A tour through time | History | About Naxos
A tour through time
Archaeological remains prove the existence of a developed society from as early as the 4th millennium BC. Naxos was an important island in the Aegean already from the 3rd millennium BC becoming an important centre of the Cycladic civilization. Our knowledge of this period depends mainly on the archaeological findings, most of them funeral gifts (in Grota, Kastraki and Panermos). In Naxos have also been unearthed some of the famous Cycladic statuettes.
At about this time the people of the Cyclades took to the seas and developed their seafaring skills. They opened up channels of communication and commerce with almost all the various people inhabiting the coasts of the Aegean and the Eastern Mediterranean.
Early in the 2nd millennium BC the civilization of Minoan Crete dominated the Aegean. Then the explosion of the volcano in Santorini occurred (between 1620 and 1500 BC), probably the most powerful eruption mankind has ever witnessed. It is thought to have caused the sudden downfall of the Minoans in Crete and to have allowed the spread of the power of the Mycenaean from mainland Greece.
Naxos was used as a port of call in the journey from mainland Greece to the East. Archaeological remains dating to that period (1300 BC) were discovered buried beneath the square of Orthodox Cathedral in Hora (the archaeological site of Grota).
In the centuries that followed Naxos was colonized by the Ionians. An important period of the island’s history is the archaic (7th - 6th century BC) when the island prospered: the arts flowered, sculpture and architecture in particular.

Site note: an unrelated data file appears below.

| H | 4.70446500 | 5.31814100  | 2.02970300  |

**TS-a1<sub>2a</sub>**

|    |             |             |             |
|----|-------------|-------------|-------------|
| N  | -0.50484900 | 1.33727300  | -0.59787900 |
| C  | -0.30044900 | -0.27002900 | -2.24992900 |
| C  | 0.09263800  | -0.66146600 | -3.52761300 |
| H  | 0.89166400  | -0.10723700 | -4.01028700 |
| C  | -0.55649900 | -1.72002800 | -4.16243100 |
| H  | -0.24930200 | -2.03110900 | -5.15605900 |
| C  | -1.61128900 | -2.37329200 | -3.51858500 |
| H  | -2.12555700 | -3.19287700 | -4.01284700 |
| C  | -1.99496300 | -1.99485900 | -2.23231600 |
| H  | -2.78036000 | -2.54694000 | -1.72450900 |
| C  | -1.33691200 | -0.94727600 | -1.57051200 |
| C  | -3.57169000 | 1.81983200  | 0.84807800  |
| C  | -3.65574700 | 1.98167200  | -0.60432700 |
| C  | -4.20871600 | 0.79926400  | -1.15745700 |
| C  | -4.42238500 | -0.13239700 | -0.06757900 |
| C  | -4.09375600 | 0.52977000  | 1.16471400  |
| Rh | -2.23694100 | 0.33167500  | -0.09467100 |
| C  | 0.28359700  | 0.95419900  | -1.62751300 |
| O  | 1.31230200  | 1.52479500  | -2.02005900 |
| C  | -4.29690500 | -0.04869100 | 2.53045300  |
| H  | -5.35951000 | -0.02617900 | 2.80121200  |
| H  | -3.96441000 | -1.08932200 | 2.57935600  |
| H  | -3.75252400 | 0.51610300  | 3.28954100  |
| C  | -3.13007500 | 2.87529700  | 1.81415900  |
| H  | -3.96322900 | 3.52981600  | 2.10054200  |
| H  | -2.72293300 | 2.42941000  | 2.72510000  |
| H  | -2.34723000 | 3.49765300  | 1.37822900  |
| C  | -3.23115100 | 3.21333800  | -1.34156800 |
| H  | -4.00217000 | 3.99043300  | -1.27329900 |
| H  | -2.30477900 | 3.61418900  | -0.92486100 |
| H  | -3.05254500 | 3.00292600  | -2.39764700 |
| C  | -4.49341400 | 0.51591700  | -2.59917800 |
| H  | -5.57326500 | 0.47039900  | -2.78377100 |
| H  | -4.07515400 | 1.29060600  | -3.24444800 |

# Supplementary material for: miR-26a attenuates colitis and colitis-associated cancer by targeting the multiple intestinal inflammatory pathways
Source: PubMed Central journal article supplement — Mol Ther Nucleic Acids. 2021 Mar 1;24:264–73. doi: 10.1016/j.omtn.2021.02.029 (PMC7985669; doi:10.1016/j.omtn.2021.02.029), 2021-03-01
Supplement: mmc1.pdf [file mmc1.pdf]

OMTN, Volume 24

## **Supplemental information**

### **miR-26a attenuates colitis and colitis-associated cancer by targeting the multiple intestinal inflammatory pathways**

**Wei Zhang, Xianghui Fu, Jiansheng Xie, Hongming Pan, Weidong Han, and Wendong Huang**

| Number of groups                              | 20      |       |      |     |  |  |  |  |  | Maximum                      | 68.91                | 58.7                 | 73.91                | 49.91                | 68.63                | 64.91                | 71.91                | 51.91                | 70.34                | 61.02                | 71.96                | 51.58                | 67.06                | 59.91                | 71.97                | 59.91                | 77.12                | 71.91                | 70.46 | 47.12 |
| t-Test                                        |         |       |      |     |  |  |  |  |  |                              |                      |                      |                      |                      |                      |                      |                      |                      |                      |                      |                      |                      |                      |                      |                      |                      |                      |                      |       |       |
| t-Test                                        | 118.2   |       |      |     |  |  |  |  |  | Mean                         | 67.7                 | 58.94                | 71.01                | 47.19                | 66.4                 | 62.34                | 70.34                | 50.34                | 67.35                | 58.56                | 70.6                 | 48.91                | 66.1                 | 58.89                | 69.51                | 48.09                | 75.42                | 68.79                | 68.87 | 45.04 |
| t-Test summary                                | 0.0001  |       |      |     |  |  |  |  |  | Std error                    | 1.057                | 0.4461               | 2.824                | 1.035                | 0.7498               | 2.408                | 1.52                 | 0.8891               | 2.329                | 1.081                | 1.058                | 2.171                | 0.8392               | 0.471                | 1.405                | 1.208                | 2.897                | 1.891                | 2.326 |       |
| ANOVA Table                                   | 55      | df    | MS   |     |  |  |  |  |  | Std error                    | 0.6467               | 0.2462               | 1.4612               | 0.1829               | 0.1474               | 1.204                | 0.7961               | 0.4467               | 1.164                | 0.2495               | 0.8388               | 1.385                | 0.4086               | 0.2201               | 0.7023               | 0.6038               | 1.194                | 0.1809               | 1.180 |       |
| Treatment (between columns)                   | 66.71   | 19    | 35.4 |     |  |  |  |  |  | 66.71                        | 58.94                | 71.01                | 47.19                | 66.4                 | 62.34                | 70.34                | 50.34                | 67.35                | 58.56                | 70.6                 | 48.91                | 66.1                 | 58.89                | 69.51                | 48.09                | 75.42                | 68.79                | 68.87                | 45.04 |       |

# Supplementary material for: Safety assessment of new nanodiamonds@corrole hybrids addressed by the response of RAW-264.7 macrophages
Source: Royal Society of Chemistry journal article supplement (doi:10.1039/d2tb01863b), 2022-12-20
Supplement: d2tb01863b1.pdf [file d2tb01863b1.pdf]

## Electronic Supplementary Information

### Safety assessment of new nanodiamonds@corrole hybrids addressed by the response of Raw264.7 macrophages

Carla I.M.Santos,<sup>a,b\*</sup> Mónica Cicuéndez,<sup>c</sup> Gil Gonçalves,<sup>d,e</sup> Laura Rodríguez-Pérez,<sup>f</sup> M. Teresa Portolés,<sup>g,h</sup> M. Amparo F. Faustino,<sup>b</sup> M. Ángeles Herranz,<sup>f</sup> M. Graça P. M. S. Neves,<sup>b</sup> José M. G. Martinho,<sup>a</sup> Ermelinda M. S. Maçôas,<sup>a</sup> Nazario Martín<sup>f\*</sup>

In 490 B.C., Naxos was attacked and devastated by the Persians who tried to extend their influence seeking control of the Aegean Sea. Naxos never quite recovered, as it did not manage to regain its old splendor. After the final defeat of the Persians by the coalition of the Greeks, Naxos becomes a member of the Athenian Alliance. In 41 B.C. it became a Roman province and was used as a place of exile.
The dawn of Christianity (4th century AD) finds Naxos in a state of obscurity. From that date the Christians start building various churches and monasteries, some decorated with high quality frescoes. From the 7th century AD on the Saracens pirates and others struggle against the forces of the Byzantine Empire over the control of the Aegean. The results are disastrous for the economy and culture while all the islands become desolate. The inhabitants of Naxos moved in the inland areas. The Byzantine capital at the centre of the island was built around the Apalirou castle.
In 1207, Marco Sanoudo, nephew of the Doge of Venice, captured the island. One after the other the Aegean islands fell. He captured 18 in total and founded the Duchy of the Aegean choosing Naxos as his capital. On the hill, which is the natural defensive point of Hora, Sanoudo built his castle, reusing scattered architectural remains of the ancient city. As soon as Sanoudo captured Naxos, he distributed the land up to his followers setting up a feudalistic system of government. The middle ages were a miserable time for the locals, yet they had to persevere. Deprived of their property, they became serfs, obliged to cultivate the land for the noblemen.
The Ottoman Turks took control of the island in 1537 and maintained its feudalistic system of government. Naxos remained under Turkish rule until 1829 when it became part of the newly created, independent Greek state. The end of WW2 ushers in a new period swift change. The ‘50s were catastrophic for Greece’s countryside: immigration caused the population to dwindle, and this was especially the case for the mountain settlements of Naxos. In the ’70s a new period of development begins, partly fuelled by tourism.